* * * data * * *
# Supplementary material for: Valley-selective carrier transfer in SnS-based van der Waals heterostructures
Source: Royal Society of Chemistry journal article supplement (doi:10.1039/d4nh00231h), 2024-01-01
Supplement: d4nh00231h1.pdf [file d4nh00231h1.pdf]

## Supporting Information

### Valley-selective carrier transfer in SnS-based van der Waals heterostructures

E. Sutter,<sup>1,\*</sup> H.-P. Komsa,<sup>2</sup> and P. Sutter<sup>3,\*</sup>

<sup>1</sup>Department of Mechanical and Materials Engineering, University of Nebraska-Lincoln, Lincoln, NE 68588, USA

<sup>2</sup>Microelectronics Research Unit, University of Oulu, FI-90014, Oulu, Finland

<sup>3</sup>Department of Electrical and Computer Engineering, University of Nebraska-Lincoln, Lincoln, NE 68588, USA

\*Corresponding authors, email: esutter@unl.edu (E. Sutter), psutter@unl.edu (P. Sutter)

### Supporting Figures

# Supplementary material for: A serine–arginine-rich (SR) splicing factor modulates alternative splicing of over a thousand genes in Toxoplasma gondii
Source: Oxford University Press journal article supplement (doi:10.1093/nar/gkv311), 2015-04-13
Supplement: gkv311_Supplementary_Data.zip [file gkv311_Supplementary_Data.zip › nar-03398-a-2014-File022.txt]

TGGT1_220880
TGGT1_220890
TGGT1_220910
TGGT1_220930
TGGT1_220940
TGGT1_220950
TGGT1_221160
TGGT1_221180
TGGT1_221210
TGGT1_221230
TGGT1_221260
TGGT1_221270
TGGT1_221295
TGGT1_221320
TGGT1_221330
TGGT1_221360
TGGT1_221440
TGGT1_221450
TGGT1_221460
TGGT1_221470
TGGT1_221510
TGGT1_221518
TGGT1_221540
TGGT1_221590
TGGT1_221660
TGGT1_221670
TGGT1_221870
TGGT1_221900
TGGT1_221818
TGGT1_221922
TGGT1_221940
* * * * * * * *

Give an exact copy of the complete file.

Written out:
# Supplementary material for: Valley-selective carrier transfer in SnS-based van der Waals heterostructures
Source: Royal Society of Chemistry journal article supplement (doi:10.1039/d4nh00231h), 2024-01-01
Supplement: d4nh00231h1.pdf [file d4nh00231h1.pdf]

## Supporting Information

### Valley-selective carrier transfer in SnS-based van der Waals heterostructures

E. Sutter,<sup>1,\*</sup> H.-P. Komsa,<sup>2</sup> and P. Sutter<sup>3,\*</sup>

<sup>1</sup>Department of Mechanical and Materials Engineering, University of Nebraska-Lincoln, Lincoln, NE 68588, USA

<sup>2</sup>Microelectronics Research Unit, University of Oulu, FI-90014, Oulu, Finland

<sup>3</sup>Department of Electrical and Computer Engineering, University of Nebraska-Lincoln, Lincoln, NE 68588, USA

\*Corresponding authors, email: esutter@unl.edu (E. Sutter), psutter@unl.edu (P. Sutter)

### Supporting Figures

# Supplementary material for: A serine–arginine-rich (SR) splicing factor modulates alternative splicing of over a thousand genes in Toxoplasma gondii
Source: Oxford University Press journal article supplement (doi:10.1093/nar/gkv311), 2015-04-13
Supplement: gkv311_Supplementary_Data.zip [file gkv311_Supplementary_Data.zip › nar-03398-a-2014-File022.txt]

TGGT1_220880
TGGT1_220890
TGGT1_220910
TGGT1_220930
TGGT1_220940
TGGT1_220950
TGGT1_221160
TGGT1_221180
TGGT1_221210
TGGT1_221230
TGGT1_221260
TGGT1_221270
TGGT1_221295
TGGT1_221320
TGGT1_221330
TGGT1_221360
TGGT1_221440
TGGT1_221450
TGGT1_221460
TGGT1_221470
TGGT1_221510
TGGT1_221518
TGGT1_221540
TGGT1_221590
TGGT1_221660
TGGT1_221670
TGGT1_221870
TGGT1_221900
TGGT1_221818
TGGT1_221922
TGGT1_221940